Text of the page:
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Neurogenomics meets bioinformatics meets neuroinformatics

Chair: Robert Williams, University of Tennessee Health Science Center, USA

ws b pic 2 300pMassive data sets on the expression of genes and proteins in the central nervous systems are rapidly altering the neuroscience research landscape and are fundamentally changing how investigators develop and test hypotheses.

This workshop will highlight powerful and open genomic resources that are part of a new wave of information dissemination. Examples include the Allen Brain Atlas, GeneNetwork, and Genes2Cognition. The workshop leaders will illustrate how neurogenomic resources are having an impact on our basic understanding of brain structure and function. They will also illustrate how these resources are having an impact on translational research. Exploiting neurogenomic resources usually requires judicious combination with large data sets on DNA, RNA, and protein sequence and variation. One of the major goals of neuroinformatics is to successfully blend these highly diverse bioinformatic resources with the rapidly growing neuroscience literature.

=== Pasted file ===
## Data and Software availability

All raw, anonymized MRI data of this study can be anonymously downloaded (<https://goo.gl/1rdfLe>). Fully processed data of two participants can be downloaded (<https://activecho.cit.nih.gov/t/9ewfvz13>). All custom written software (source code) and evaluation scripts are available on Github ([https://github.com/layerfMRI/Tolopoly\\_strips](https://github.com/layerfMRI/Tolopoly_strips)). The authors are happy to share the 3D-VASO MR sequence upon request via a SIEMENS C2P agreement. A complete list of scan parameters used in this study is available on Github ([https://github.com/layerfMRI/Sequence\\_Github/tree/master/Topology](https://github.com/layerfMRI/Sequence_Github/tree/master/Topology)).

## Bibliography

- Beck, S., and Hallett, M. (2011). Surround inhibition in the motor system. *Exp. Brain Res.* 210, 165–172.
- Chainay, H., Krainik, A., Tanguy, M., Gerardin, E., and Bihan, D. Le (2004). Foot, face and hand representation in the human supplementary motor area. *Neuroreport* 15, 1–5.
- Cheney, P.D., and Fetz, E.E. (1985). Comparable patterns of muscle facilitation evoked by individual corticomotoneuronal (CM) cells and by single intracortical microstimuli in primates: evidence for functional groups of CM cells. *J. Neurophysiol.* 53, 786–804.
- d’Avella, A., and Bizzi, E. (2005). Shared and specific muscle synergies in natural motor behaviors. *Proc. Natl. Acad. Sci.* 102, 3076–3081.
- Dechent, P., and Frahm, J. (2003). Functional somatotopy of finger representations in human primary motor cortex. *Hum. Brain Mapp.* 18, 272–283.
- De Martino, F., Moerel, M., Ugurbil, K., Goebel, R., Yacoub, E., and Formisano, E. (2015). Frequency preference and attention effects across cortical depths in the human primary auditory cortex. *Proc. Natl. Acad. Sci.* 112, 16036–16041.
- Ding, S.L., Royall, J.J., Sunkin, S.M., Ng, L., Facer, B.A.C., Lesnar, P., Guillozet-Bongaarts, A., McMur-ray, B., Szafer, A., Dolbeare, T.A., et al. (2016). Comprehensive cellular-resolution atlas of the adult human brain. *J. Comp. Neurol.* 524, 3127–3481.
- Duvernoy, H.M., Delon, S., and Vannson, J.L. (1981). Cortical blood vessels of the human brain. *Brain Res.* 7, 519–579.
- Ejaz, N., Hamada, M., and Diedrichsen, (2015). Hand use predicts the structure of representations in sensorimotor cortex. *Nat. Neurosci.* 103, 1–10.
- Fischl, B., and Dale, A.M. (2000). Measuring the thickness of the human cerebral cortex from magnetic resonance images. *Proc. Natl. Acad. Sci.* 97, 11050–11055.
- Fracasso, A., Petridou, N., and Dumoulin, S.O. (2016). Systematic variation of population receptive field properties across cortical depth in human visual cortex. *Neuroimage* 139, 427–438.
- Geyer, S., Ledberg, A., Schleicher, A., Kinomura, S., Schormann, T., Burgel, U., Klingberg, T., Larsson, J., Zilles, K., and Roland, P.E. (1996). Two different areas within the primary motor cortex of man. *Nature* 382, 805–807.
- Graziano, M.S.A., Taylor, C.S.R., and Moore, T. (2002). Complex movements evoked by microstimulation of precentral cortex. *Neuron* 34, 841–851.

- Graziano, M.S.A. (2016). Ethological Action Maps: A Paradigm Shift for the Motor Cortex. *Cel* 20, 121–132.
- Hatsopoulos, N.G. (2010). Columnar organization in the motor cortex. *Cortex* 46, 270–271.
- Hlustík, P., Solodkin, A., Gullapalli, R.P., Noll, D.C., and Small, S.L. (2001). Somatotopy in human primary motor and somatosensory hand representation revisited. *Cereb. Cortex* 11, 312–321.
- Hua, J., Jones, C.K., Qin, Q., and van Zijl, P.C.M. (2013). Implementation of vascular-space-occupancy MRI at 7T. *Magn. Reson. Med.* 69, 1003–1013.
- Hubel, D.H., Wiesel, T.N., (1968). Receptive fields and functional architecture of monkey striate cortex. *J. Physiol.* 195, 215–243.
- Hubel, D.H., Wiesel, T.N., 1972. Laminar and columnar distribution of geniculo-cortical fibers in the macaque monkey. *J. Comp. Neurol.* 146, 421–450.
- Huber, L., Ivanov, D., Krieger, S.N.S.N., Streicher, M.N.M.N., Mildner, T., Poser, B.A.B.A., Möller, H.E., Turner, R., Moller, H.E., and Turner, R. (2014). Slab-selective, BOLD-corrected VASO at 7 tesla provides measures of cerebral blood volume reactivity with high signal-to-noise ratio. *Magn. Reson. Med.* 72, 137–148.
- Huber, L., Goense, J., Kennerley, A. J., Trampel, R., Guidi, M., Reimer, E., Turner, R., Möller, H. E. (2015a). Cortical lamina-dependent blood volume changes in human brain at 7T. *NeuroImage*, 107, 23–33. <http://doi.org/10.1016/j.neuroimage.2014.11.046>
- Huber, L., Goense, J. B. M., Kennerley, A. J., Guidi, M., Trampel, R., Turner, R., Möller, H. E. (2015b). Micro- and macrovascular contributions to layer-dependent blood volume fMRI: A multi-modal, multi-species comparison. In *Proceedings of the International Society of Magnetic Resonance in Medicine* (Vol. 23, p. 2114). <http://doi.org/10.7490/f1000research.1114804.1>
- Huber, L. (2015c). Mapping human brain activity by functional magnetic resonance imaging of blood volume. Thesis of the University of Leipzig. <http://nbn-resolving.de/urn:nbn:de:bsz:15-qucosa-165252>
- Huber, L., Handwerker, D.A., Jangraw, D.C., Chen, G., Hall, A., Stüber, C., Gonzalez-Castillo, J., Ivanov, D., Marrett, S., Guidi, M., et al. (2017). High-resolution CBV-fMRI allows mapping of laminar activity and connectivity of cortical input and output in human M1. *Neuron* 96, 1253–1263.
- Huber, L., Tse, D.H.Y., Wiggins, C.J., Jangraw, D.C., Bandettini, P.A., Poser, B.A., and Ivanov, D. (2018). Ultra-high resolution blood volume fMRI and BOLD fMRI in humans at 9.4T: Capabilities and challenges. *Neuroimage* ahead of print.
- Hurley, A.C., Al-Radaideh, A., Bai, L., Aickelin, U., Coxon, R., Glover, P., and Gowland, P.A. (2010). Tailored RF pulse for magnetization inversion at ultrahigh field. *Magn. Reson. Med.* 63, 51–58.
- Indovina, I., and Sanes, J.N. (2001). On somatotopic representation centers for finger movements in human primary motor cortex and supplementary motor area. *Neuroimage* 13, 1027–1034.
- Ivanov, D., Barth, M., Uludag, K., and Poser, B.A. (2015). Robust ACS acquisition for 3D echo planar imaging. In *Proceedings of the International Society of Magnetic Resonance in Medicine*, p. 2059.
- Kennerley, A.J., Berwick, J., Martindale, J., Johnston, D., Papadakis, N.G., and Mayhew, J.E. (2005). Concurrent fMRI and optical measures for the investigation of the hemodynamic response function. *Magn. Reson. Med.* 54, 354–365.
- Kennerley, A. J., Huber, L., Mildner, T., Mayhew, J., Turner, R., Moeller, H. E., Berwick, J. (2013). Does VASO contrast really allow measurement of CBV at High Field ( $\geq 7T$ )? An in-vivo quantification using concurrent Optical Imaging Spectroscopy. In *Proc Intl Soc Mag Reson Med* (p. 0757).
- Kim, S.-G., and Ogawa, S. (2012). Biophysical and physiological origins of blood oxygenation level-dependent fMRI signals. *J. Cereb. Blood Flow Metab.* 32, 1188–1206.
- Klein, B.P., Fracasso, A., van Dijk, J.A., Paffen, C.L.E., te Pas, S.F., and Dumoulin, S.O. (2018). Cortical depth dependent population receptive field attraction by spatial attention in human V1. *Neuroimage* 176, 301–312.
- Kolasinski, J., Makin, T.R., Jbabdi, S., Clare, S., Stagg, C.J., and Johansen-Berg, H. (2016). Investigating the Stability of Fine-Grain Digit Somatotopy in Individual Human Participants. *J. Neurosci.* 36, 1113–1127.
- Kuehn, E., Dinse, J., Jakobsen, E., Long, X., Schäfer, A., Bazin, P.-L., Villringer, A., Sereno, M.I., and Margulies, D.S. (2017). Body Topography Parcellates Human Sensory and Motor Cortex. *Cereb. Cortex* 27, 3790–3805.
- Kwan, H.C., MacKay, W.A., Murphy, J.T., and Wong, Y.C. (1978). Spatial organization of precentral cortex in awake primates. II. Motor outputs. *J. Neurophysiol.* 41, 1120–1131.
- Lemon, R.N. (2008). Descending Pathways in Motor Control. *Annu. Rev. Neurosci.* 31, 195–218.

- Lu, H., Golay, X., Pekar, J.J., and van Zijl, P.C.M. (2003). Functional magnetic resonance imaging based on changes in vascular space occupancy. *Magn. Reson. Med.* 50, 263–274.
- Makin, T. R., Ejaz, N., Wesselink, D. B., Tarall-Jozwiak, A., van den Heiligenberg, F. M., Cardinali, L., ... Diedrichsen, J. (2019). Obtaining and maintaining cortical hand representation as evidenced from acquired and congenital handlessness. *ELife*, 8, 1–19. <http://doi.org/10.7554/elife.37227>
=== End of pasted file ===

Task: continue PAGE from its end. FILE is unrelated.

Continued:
ws b pastedgraphic 250pIt should soon be possible to efficiently and correctly answer specific questions about brain function and disease using sophisticated neuroinformatic web portals such as that being built by the INCF and BIRN. This entails the assembly of distributed computer systems that are coupled by well established conventions for data annotation, calculation, and information exchange.


Invited speakers:


Ed Lein

Allen Institute for Brain Science, Seattle, USA

Title: “Genomic Neuroanatomy”: Novel principles of hippocampal organization gained from analysis of genome-scale in situ hybridization data

ed lein pic 1